Lake Untersee, Antarctica

This image of the large conical stromatolites in Lake Untersee was made using a Nikon D3s with a Nikkor 14-24mm lens inside a Subal Housing. Lighting was provided by two Sea & Sea YS-250 Pro strobes in manual mode. Credit: Dale T. Andersen

Three and a half billion years ago our planet was quite different and Earth’s earliest biosphere was dominated by microbial communities – complex multicellular organisms were not to evolve for quite some time, only arriving on the scene about 600 million years ago. Those early ecosystems resulted in the formation of luxuriant microbial mats with a variety of morphologies which are seen today in the stromatolitic fossil record scattered around the globe. One of these morphologies was simply large cones, sometimes reaching heights of 2 meters.

Until recently, there have been no reports of modern microorganisms forming such structures, but in 2008 our research team discovered large conical stromatolites forming beneath the thick perennial ice of Lake Untersee. We made this discovery during the last few days of the expedition so we did not have time to make detailed observations.

However, in 2011 our research team returned to Lake Untersee to begin the first real studies of this incredible environment. This new high-quality image details the conical stromatolites that have formed on top of a boulder at a depth of about 20 meters, other cones can be seen populating the sloping bottom. The cones on the boulder are about 20 cm in height, but cones in other areas of the lake reach heights of a half a meter. We hope that our work at Lake Untersee and other similar lakes in Antarctica will help answer fundamental questions about life on early Earth – how do stromatolites form, and why do they make the cones, pinnacles, tenting, webbings and other morphologies observed in modern and ancient stromatolites?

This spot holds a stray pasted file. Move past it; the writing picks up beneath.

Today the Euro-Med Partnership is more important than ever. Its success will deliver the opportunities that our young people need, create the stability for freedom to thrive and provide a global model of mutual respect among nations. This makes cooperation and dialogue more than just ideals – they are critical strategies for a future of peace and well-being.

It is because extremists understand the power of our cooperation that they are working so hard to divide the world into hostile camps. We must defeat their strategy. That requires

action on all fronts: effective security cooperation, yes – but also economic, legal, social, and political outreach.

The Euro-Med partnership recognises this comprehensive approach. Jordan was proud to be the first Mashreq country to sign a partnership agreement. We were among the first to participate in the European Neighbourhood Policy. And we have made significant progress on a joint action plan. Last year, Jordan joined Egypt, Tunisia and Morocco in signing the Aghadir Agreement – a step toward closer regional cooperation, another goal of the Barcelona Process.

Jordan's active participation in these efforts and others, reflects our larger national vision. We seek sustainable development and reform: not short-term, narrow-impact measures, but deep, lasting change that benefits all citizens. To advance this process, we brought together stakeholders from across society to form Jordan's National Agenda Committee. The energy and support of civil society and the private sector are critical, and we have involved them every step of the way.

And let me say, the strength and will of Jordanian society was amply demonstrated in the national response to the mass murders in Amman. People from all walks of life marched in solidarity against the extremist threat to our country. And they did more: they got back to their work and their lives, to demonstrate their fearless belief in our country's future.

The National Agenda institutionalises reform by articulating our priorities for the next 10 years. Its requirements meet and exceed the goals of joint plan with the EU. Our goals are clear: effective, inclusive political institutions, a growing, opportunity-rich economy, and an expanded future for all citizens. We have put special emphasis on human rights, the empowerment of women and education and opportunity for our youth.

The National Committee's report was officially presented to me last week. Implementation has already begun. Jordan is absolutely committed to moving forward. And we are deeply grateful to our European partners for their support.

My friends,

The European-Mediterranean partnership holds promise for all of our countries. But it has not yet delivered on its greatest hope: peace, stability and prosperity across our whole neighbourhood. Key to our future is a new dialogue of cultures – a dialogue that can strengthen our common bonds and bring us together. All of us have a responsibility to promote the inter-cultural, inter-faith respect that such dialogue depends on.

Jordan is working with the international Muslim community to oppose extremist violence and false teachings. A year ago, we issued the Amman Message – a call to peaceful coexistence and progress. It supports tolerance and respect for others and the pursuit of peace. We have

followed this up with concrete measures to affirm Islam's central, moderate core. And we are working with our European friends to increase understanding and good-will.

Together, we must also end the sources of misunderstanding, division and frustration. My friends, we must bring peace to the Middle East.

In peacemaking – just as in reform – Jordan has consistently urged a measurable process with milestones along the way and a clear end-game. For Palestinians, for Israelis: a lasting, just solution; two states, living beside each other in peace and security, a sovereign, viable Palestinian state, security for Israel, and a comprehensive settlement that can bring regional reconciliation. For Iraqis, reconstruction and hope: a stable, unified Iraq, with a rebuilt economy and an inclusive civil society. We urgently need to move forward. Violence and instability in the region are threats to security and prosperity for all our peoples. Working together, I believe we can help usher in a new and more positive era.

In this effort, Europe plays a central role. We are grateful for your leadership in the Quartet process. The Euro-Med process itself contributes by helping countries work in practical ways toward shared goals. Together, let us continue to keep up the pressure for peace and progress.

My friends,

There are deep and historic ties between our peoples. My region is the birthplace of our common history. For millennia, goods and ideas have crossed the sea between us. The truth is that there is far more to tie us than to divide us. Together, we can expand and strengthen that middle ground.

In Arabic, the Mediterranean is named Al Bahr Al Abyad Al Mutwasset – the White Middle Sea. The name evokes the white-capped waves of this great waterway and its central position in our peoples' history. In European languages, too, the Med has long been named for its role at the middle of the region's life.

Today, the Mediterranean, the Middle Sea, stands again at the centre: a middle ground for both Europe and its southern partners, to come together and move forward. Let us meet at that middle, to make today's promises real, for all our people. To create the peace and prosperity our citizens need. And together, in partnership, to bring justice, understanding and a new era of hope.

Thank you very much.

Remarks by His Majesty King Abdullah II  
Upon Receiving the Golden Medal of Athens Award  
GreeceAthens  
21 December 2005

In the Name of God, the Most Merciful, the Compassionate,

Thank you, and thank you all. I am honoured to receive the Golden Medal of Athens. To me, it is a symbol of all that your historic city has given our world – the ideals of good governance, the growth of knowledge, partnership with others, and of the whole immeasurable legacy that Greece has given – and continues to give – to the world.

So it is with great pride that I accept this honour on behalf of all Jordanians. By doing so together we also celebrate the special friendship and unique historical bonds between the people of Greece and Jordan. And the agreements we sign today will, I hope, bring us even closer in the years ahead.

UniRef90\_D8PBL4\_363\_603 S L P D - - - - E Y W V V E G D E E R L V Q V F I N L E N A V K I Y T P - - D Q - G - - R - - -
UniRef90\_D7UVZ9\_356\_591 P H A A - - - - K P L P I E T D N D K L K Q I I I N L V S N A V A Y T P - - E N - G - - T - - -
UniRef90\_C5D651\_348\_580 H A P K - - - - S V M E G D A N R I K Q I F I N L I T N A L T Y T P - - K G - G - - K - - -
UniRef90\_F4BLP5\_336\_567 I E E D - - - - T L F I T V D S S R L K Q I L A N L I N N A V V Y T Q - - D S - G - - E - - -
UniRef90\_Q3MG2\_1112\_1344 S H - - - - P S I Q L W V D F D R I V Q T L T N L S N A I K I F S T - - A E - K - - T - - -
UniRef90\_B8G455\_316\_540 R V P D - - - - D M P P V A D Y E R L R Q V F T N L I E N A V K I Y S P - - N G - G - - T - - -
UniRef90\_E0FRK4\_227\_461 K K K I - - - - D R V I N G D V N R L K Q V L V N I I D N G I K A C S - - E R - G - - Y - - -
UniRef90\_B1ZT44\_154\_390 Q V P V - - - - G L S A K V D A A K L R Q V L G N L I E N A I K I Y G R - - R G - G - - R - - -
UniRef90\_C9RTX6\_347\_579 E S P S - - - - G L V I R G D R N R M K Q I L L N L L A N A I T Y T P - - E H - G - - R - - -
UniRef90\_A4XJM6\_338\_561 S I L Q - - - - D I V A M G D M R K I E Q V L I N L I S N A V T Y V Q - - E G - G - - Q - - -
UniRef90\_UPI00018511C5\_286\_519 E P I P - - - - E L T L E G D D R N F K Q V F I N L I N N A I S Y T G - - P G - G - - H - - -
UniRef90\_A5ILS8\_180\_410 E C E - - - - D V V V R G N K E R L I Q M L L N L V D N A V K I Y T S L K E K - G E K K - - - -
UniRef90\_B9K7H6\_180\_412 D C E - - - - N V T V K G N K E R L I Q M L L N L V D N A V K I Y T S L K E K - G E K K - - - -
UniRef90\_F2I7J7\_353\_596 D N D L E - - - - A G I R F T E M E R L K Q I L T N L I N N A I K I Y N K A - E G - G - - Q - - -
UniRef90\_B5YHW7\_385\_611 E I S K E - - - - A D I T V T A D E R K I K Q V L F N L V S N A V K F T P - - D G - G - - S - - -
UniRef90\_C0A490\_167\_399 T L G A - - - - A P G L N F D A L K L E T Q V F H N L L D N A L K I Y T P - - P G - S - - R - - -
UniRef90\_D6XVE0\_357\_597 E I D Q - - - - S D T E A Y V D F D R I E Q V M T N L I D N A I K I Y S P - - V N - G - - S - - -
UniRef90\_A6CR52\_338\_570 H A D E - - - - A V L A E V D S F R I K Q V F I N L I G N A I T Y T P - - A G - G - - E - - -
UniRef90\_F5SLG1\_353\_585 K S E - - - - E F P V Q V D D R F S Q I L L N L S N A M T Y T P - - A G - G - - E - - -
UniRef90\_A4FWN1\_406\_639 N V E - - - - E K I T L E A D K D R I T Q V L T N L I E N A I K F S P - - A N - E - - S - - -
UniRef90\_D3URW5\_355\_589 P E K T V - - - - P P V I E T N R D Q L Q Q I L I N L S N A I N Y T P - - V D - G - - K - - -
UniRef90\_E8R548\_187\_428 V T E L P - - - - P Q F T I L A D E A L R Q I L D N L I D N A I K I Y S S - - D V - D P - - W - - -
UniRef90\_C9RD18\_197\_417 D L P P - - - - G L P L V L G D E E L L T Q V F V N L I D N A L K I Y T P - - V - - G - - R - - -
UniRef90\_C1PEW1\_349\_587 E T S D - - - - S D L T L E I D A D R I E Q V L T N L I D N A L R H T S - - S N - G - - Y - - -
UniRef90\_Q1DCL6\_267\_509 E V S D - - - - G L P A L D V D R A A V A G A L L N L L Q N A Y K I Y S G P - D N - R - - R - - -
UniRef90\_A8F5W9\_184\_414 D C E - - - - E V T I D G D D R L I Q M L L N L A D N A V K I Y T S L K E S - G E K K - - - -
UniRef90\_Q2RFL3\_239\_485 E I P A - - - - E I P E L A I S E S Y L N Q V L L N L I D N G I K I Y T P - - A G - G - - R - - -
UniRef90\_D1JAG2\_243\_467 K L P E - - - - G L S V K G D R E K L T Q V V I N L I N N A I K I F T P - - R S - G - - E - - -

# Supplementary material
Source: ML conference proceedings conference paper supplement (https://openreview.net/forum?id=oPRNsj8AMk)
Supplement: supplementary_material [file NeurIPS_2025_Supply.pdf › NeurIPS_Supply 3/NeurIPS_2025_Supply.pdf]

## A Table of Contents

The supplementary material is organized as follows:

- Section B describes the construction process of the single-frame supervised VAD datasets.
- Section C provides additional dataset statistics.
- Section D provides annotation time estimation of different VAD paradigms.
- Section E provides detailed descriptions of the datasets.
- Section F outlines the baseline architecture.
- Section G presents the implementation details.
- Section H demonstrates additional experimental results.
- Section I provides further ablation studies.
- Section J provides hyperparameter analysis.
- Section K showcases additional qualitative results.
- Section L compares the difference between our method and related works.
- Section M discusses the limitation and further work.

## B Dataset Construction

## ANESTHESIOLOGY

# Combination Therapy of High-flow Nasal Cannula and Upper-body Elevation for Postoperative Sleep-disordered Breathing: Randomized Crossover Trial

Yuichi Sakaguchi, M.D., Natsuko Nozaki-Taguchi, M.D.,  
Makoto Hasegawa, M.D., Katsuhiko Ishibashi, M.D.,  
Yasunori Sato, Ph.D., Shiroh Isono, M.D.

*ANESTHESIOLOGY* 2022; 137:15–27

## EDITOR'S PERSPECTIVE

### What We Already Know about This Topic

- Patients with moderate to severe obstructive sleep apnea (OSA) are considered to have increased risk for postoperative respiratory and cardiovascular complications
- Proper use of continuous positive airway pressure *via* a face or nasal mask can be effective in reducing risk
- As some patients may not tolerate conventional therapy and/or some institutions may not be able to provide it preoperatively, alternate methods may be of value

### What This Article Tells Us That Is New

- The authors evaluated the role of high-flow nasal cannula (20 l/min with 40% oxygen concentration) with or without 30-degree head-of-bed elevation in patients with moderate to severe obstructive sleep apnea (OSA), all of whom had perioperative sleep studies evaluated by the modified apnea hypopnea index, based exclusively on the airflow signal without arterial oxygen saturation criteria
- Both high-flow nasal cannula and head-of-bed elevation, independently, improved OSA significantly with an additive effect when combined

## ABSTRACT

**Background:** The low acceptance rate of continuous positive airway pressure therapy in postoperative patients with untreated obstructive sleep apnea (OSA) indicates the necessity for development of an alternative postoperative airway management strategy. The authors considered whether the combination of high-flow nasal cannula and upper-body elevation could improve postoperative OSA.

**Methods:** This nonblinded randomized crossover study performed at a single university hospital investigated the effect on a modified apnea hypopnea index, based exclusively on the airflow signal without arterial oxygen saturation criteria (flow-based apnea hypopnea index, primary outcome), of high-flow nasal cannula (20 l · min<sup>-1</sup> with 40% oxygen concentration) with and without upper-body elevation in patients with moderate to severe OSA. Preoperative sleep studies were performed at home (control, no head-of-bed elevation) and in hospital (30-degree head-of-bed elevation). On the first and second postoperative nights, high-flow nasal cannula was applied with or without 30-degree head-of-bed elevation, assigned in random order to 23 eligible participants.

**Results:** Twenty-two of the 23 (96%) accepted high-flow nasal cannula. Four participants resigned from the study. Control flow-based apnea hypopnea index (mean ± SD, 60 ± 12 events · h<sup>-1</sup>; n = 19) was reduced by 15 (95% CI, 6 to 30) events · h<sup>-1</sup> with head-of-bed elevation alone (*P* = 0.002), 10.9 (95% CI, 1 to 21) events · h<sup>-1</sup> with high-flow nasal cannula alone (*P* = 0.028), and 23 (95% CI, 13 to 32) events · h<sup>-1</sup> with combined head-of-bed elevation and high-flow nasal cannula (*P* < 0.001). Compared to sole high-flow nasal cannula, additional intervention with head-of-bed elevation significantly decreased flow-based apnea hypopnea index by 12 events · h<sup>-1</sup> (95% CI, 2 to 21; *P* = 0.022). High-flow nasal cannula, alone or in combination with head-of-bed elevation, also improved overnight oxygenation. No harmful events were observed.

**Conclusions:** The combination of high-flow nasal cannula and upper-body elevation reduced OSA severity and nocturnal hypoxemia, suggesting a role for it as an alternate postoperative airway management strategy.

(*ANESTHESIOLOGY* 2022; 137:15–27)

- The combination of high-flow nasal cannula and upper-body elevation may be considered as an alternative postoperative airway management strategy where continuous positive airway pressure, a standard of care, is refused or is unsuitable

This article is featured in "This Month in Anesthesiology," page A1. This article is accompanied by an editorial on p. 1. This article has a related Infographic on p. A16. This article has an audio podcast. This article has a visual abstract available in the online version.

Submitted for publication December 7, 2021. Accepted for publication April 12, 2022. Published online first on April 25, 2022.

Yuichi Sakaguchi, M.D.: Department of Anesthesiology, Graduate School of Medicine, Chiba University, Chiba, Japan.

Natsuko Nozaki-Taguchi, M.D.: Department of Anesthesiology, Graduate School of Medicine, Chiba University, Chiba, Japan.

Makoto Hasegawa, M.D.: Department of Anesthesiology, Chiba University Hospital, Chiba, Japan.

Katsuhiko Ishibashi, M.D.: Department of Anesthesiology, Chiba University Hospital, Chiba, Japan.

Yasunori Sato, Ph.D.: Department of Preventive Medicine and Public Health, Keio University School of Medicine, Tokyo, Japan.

Astrobiologist Dale Andersen sits on a snowmobile while his camera system takes this expansive Gigpan panorama of Lake Untersee, Antarctica. Credit: Dale T. Andersen

Similar microbial communities may have evolved on Mars during a more clement (but still cold) period when liquid water was stable at the surface. Lakes or perhaps oceans, even if ice-covered could have provided an oasis for microbial life. Evidence for past life on Mars may therefore be preserved in the sediments and mineral precipitates associated with these past aquatic environments – the more we know about how life copes with similar constraints here on Earth, the better prepared we will be when some day, we are able to explore the ancient sediments of Mars.

You can support this research by visiting https://www.teamseti.org/supportdale

For more information, see: Andersen DT, Sumner DY, Hawes I, Webster-Brown J, McKay CP (2011) Discovery of large conical stromatolites in Lake Untersee, Antarctica. Geobiology, 9, 280-293. http://onlinelibrary.wiley.com/doi/10.1111/j.1472-4669.2011.00279.x/full

A birds-eye view of Antarctica’s Lake Untersee.
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